Another witness for the state, Richard Polick who was the manager of a car-rental agency, testified that defendant, Robert Norgard, had rented a 1967 Chevrolet Impala, turquoise in color, from him on December 12, 1966. This rental car bore the same license plate number as the one Mrs. Kunau took from the car she observed in the Davis carport the day of the burglary. Mr. Polick testified that on the five or six occasions defendant came in to make various payments for the rental of the car, defendant had been alone in the rented car each time. Several days after the burglary, the rental car, having been abandoned, was picked up in Chandler, Arizona, by Chandler police.
Defendant first attacks the sufficiency of the evidence to support the verdict of guilty. In particular, defendant asserts that the evidence supporting the identification of him as the person in the carport of the Davis home is insufficient and faulty.
In reviewing the sufficiency of the evidence to support a conviction the evidence must be viewed in light most favorable to the state, and all reasonable inferences must be resolved against defendant. In considering whether a verdict is contrary to the evidence we do not decide whether we would reach the same conclusion as the jury. The question is whether there is competent evidence to support the conclusions found. State v. Reyes, 99 Ariz. 257, 408 P.2d 400, 14 A.L.R.3d 1262; State v. Bearden, 99 Ariz. 1, 405 P.2d 885. Although there was a lack of positiveness of Mrs. Kunau's identification of defendant from police photographs, she was positive in her identification of defendant in open court.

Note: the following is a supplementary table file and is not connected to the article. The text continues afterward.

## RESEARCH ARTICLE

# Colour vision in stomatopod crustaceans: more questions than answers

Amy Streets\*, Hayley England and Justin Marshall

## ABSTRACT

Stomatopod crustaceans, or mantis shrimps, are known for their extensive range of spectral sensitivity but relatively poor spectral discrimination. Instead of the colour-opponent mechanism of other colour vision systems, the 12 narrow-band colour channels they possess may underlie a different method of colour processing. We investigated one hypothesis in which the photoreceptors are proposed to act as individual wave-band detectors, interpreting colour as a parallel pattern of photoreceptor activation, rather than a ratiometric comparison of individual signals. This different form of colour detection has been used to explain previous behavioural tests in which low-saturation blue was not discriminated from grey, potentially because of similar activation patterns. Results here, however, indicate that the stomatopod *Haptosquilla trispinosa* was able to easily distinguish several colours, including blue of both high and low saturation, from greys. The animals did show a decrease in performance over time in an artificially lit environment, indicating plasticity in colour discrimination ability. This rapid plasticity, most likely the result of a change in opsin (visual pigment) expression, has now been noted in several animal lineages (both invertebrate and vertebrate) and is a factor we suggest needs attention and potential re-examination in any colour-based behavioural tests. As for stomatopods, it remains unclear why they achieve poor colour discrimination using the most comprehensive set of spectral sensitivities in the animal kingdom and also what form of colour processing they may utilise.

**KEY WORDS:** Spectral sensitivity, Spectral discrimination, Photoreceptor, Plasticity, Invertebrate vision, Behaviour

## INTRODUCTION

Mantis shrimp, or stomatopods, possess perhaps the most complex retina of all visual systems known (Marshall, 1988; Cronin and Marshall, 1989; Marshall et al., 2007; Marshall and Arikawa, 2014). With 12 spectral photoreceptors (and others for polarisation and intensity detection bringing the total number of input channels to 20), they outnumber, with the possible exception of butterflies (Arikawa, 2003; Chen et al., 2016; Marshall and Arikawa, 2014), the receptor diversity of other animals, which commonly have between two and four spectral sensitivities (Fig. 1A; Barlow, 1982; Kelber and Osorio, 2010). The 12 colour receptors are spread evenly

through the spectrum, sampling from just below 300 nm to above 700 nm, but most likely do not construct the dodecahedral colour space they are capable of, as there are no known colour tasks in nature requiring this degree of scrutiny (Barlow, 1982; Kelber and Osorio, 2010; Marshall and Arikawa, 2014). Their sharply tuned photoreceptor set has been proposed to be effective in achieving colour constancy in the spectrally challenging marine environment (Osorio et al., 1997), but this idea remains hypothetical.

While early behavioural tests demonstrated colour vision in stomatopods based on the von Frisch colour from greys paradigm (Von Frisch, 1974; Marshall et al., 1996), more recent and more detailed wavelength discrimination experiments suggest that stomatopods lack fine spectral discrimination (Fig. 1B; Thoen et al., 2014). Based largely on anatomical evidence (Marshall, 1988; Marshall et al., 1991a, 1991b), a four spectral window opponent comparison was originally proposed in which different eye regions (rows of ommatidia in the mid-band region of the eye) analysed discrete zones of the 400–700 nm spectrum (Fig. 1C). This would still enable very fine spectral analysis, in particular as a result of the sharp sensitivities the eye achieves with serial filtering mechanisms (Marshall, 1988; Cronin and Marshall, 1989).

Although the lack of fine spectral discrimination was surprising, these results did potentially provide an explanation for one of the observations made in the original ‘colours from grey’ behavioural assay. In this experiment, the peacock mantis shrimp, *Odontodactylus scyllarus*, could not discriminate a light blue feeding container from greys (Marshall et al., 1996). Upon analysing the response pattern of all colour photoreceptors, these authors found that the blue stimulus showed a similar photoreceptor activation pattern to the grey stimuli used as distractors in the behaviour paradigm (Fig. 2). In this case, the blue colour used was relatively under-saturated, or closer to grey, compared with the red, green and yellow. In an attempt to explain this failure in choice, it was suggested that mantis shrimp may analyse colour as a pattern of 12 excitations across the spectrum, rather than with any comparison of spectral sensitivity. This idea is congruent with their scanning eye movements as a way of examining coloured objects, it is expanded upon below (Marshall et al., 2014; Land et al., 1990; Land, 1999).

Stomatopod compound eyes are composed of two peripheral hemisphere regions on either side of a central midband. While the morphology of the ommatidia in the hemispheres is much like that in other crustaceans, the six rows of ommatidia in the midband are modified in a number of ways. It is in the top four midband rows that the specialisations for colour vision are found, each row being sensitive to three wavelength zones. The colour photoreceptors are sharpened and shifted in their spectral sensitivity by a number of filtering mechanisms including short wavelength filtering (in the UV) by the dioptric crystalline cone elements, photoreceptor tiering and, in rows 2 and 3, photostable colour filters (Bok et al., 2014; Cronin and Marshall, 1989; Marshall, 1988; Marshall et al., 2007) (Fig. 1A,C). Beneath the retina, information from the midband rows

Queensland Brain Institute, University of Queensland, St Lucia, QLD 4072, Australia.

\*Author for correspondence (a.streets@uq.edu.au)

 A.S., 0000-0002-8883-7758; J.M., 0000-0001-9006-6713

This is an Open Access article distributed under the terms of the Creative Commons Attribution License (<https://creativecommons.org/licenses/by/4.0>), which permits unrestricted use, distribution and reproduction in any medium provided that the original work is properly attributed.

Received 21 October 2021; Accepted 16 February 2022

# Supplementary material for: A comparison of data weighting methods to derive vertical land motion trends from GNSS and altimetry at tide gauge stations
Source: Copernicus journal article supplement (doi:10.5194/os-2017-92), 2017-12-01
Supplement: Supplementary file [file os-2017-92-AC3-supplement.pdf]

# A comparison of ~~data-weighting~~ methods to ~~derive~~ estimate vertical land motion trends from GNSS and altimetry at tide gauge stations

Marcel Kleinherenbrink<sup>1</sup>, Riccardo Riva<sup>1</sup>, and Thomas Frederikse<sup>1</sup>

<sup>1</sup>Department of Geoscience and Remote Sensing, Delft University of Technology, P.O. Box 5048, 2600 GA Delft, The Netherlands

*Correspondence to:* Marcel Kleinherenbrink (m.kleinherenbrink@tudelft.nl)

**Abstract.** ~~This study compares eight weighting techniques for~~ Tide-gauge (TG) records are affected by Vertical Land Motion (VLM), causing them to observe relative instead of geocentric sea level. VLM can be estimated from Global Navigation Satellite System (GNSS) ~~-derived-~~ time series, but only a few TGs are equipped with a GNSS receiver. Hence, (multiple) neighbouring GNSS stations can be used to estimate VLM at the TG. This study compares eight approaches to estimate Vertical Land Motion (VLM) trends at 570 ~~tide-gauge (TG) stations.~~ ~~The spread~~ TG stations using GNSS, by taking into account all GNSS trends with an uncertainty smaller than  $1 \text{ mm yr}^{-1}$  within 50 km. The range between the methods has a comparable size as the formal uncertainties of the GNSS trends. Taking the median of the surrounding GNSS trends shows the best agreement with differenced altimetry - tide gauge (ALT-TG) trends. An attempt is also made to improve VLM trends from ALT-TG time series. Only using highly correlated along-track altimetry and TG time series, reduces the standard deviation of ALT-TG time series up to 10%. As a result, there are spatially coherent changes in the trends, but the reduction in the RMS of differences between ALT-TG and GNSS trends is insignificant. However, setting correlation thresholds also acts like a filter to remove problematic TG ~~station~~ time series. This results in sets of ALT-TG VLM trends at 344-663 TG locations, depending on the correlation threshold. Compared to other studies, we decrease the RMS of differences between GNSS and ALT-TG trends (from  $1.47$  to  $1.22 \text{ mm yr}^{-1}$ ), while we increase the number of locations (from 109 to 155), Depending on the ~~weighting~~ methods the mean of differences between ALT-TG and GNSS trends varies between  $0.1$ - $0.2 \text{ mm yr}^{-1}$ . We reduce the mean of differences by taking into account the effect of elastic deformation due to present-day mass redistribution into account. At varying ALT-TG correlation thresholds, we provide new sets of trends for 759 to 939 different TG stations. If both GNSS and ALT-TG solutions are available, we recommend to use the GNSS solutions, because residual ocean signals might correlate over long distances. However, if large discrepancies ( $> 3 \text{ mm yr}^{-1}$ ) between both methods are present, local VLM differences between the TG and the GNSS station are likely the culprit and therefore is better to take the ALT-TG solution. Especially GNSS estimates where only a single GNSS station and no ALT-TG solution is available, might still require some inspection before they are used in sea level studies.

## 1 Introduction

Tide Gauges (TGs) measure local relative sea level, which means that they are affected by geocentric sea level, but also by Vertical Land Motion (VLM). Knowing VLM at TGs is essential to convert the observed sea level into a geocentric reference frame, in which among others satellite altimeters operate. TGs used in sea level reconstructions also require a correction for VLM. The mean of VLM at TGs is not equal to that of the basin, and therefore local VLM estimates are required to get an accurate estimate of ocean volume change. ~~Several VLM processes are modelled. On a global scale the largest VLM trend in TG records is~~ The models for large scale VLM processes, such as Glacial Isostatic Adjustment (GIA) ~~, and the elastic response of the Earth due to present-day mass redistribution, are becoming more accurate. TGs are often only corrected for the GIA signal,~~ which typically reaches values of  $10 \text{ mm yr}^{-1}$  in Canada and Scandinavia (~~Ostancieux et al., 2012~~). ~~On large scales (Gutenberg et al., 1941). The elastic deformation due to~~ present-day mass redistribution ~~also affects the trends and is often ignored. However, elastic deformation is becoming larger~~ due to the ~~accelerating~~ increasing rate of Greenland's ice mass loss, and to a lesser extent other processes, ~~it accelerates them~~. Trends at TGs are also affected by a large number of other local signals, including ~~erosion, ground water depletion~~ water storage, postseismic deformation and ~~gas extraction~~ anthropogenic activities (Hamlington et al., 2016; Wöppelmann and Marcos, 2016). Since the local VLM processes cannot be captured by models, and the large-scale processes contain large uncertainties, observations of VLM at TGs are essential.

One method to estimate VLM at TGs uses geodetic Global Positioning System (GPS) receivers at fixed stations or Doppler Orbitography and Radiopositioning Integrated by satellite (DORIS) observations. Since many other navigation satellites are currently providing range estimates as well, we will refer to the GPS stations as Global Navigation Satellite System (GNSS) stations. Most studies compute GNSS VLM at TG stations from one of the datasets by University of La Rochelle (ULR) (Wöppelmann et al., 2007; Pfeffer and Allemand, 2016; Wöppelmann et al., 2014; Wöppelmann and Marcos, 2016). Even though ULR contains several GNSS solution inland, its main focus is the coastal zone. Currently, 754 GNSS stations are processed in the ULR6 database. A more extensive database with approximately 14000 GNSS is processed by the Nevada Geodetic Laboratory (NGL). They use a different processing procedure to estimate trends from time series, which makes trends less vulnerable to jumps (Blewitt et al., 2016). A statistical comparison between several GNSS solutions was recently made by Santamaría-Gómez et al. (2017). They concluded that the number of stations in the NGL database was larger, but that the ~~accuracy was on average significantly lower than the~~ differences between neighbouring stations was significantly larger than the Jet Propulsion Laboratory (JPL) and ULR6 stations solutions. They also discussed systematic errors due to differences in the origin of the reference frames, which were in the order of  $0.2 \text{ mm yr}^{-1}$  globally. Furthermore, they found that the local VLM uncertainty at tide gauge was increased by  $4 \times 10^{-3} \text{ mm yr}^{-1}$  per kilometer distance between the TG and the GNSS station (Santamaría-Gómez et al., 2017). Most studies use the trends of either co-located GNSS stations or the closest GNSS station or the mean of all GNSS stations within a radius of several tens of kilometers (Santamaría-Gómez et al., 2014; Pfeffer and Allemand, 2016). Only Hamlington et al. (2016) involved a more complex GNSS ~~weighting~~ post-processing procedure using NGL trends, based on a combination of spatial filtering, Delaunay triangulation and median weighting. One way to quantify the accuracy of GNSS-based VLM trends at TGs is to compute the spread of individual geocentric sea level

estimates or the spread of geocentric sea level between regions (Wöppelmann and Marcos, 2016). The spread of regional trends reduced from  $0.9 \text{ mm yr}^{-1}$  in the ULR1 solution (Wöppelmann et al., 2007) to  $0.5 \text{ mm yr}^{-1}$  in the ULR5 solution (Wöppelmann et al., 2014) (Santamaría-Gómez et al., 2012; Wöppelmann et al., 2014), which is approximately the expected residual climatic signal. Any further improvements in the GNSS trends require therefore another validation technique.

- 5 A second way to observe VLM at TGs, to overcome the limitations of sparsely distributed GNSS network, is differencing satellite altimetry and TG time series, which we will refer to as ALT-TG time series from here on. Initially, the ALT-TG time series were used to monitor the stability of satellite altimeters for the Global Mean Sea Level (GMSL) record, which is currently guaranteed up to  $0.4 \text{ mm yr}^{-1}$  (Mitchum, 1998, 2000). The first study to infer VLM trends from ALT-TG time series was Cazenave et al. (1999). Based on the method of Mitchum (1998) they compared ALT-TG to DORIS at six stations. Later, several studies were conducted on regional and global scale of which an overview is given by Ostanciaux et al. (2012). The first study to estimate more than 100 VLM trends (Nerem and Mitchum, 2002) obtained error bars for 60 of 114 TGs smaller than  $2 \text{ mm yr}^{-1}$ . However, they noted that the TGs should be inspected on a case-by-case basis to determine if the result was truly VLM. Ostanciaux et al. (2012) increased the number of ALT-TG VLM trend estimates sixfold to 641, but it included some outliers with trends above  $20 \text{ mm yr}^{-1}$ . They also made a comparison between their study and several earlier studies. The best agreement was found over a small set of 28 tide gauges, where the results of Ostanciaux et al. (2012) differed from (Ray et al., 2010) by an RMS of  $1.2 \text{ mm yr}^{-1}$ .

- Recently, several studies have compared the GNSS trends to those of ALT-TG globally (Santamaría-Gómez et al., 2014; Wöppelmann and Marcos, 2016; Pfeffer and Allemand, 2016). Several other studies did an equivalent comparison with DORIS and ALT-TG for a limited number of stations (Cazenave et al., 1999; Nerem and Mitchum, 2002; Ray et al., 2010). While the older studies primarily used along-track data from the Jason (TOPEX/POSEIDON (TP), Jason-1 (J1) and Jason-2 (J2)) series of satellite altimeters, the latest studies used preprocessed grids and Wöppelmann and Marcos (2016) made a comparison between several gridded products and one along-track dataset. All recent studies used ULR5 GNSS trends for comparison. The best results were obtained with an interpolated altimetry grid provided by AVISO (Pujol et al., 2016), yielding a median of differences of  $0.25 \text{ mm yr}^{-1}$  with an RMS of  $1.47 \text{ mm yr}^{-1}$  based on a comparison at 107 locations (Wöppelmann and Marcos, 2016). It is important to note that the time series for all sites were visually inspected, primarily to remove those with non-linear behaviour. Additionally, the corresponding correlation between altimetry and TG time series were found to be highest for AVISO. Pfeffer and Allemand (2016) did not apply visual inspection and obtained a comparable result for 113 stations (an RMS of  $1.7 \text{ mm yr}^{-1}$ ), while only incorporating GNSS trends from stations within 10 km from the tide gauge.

"Turning to reported cases from other jurisdictions it appears to be well settled that identification of a defendant, necessary to support a conviction, need only comply with the requirement of proof beyond a reasonable doubt. Uncertainty of identifying evidence goes to its weight, rather than its admissibility.
"`In order to sustain a conviction it is not necessary that the identification of the defendant as the perpetrator of the crime be made positively or in a manner free from inconsistencies. It is the function of the jury to pass upon the strength or weakness of the identification and the uncertainness of the witness in giving her testimony.' People v. Houser, 85 Cal.App.2d 686, 193 P.2d 937, at page 941."
The arguments of defendant as to the weakness of the testimony go to the question of the weight of the evidence to be given the testimony of the witnesses, all of which fall within the principles as set forth in State v. Dutton, supra. We therefore hold there was substantial evidence on which the jury could base its verdict. State v. Quintana, 92 Ariz. 308, 376 P.2d 773.